A final theory that must be examined involves problems in the labor market and youth in the progression from school and adolescence to work and adulthood. (Hartnagel 1998) This particular theory asserts that the nature of the transition can be stressful and unproductive if there are problems in the labor market. The article contends,
"For labor market variables, there is some evidence that (excluding periods of part-time employment) unemployment among young (15-16 years) male English school leavers led to higher crime rates for offenses involving material gain for youth predicted to be most delinquent and those with lower status jobs ( Farrington et al., 1986). Other analysis of data on criminal behavior among 21- to 24-year-olds in the Cambridge prospective longitudinal survey of 411 males from a working-class area of London, England revealed that it was influenced by an unstable job record and anti-establishment attitudes at age 18, as well as prior delinquency and economic deprivation as a juvenile."(Hartnagel 1998)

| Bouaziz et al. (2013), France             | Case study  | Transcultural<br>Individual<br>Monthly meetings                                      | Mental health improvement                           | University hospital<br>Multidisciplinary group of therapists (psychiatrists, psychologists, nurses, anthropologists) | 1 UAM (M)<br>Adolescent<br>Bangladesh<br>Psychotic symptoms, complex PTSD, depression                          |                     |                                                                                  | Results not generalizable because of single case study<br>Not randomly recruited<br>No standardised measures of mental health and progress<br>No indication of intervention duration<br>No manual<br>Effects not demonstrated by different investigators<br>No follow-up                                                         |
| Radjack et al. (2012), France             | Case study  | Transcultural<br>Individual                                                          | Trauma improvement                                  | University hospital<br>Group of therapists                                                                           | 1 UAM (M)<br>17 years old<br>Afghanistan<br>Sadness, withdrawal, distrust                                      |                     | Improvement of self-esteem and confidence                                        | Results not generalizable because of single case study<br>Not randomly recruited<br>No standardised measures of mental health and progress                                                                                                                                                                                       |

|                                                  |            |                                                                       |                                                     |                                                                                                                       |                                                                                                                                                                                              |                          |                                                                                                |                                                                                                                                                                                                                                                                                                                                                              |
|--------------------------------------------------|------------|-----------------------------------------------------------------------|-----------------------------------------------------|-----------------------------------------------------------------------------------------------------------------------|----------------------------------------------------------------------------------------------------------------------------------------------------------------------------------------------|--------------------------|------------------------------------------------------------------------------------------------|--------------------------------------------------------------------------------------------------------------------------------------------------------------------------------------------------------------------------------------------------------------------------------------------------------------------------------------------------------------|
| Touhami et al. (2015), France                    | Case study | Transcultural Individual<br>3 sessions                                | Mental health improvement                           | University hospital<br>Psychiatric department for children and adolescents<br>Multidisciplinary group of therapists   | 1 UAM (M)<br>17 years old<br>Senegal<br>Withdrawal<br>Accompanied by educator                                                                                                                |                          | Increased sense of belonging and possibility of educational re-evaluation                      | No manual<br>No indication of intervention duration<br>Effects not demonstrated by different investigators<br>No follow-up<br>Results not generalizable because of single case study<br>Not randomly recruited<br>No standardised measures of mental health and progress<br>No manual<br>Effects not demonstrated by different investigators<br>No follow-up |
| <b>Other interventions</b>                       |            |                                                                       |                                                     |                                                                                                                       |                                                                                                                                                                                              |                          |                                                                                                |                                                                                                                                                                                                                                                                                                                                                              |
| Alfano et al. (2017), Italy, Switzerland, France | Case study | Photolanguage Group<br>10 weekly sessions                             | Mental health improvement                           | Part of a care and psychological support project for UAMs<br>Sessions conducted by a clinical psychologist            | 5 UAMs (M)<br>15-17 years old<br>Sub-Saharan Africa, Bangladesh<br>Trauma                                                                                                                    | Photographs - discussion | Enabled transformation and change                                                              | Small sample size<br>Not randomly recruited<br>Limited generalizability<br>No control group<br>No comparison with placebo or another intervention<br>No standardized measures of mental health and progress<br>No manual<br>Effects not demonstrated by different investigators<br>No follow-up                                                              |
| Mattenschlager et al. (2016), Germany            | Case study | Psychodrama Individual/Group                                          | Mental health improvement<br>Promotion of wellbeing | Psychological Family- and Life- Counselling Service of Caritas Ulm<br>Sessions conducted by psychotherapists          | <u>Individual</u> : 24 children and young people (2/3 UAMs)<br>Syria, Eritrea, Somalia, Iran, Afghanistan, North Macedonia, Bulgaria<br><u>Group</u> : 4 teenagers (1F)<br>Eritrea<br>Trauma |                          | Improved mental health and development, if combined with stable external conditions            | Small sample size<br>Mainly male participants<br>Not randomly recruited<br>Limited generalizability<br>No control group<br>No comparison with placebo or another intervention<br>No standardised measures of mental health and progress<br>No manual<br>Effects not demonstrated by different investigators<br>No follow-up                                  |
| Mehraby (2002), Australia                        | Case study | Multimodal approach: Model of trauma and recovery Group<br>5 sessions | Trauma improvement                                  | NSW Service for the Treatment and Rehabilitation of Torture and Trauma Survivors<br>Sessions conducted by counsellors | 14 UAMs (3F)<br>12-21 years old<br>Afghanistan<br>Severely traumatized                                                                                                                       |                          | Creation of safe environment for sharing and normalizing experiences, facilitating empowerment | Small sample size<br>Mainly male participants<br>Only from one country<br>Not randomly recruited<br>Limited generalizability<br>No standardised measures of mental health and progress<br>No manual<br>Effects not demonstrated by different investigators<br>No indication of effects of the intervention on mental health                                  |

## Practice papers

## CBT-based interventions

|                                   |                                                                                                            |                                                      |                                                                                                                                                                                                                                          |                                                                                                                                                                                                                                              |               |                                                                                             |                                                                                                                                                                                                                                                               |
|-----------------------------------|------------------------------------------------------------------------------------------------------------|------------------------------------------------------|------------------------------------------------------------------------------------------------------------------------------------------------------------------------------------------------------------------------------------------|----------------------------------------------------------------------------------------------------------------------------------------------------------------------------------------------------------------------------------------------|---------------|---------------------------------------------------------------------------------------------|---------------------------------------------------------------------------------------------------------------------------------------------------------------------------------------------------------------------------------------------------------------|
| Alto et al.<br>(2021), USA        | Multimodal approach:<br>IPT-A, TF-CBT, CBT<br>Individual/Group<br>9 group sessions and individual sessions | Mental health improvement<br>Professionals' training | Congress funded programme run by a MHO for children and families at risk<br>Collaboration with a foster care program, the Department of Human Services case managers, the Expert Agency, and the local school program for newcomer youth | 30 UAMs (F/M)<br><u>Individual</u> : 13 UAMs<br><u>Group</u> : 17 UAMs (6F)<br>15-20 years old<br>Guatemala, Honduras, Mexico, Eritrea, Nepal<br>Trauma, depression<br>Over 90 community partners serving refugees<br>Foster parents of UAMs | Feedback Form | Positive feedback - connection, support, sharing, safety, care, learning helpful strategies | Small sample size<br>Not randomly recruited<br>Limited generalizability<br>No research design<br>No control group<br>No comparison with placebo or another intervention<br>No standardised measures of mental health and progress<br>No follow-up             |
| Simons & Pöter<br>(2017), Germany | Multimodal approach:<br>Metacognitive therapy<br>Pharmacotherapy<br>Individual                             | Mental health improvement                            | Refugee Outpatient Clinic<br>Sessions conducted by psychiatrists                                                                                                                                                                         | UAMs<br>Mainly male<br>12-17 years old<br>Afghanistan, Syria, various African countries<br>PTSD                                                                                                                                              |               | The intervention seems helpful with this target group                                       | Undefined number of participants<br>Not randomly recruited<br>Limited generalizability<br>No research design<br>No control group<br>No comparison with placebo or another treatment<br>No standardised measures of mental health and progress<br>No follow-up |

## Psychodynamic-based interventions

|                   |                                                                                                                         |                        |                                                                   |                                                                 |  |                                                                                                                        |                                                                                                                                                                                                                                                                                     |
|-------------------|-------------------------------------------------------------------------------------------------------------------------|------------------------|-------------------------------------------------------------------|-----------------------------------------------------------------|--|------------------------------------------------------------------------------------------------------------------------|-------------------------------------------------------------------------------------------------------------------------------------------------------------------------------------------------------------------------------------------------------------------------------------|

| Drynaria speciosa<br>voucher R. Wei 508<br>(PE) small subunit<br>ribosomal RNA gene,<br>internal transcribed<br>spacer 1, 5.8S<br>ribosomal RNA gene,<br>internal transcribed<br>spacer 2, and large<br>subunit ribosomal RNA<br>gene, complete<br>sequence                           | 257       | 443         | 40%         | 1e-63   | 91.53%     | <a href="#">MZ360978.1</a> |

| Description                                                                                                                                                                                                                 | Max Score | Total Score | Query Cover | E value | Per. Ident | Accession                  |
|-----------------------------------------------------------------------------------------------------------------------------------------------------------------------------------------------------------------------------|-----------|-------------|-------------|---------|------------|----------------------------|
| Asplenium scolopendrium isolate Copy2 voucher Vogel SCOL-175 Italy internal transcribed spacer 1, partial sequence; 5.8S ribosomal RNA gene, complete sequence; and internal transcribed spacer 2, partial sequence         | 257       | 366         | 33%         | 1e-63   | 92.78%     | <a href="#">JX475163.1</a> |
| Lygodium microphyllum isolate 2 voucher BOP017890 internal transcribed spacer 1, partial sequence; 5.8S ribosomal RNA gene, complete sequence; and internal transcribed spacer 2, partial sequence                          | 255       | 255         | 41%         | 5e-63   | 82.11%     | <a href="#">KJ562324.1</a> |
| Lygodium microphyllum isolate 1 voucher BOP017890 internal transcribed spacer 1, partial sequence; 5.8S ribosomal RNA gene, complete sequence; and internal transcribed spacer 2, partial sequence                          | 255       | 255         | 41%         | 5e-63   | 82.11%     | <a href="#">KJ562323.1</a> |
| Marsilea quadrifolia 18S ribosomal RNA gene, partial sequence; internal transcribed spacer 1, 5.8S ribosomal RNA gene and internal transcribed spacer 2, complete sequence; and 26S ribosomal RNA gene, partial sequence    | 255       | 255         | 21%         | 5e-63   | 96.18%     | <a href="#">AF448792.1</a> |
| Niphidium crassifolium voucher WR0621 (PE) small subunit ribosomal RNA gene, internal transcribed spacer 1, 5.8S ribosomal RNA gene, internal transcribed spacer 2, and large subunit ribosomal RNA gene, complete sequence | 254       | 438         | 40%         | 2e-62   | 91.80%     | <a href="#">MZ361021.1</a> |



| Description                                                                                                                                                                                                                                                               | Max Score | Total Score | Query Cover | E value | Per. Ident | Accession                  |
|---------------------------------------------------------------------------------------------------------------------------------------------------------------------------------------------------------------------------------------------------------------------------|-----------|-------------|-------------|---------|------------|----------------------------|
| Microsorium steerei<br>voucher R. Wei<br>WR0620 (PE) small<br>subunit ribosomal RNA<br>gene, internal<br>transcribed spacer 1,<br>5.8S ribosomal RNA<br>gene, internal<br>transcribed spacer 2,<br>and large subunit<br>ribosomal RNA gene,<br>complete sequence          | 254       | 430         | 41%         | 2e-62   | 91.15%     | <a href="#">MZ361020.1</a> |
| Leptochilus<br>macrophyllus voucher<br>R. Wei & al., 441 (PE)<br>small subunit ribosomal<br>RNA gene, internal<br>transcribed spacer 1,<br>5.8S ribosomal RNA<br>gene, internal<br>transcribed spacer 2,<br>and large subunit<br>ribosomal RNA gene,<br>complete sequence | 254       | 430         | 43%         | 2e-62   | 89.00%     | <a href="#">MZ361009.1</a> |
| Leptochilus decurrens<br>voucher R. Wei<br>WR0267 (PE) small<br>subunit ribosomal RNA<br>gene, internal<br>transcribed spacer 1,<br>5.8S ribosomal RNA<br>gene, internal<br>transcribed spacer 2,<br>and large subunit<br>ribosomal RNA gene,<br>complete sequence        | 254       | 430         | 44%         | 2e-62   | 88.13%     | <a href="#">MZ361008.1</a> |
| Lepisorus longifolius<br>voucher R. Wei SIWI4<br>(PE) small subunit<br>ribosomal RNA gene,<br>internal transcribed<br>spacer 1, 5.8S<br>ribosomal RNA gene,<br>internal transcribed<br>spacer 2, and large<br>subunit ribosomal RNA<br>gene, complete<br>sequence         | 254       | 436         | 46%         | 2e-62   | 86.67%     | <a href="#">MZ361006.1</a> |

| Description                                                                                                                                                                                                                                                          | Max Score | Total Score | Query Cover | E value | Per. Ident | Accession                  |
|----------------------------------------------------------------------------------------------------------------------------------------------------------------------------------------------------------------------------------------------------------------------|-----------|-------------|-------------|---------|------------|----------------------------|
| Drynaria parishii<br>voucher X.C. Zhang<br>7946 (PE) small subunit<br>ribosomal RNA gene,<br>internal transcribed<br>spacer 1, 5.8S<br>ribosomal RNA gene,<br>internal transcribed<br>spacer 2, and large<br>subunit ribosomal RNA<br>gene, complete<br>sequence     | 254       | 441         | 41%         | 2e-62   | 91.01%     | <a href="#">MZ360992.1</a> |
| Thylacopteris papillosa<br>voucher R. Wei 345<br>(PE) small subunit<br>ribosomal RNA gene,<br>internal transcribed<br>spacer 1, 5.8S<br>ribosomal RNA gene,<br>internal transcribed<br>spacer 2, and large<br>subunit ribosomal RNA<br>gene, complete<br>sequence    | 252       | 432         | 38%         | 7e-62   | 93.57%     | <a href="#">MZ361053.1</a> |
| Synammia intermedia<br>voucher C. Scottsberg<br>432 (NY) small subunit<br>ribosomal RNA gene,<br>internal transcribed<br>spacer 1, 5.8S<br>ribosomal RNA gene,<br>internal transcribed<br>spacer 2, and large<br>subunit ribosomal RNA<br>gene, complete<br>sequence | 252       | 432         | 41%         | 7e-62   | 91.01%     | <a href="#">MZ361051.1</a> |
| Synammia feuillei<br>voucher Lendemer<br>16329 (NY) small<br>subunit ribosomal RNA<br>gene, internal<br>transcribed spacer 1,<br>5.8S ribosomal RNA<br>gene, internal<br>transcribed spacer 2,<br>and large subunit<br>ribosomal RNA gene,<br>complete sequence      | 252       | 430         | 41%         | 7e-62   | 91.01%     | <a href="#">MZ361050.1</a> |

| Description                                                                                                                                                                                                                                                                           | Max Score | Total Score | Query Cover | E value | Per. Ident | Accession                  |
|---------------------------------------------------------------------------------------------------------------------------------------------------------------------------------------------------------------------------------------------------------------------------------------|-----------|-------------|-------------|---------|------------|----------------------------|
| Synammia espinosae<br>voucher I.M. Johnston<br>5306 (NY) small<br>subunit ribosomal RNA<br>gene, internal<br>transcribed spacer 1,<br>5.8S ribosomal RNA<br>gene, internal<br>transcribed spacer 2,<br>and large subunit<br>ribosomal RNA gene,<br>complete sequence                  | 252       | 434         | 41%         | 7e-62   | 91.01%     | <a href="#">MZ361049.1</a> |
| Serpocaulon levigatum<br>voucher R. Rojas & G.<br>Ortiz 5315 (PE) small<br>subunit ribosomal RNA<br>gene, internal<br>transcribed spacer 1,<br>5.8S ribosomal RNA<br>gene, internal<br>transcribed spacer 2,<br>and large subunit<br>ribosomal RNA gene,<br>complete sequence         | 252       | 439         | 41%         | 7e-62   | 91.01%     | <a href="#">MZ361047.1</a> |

All of these theories assert that there is a direct correlation between unemployment and crime. The theorists believe that there is ample evidence to support these theories. They also assert that the likelihood of a person committing a crime because of unemployment or underemployment decreases with maturation.
The purpose of this discussion was to explore the effect of Unemployment on the crime rates in New York City over the past few years. Initially the paper focused on data and statistics concerning the correlation between the increase in unemployment rates and subsequent increases in crime. We found that the positive correlation could be seen the most before the 1990's. We also concluded that this had much to do with the city's more aggressive stance on crime. The will attempted to demonstrate that an increase in the unemployment rates leads to an increase in…[continue]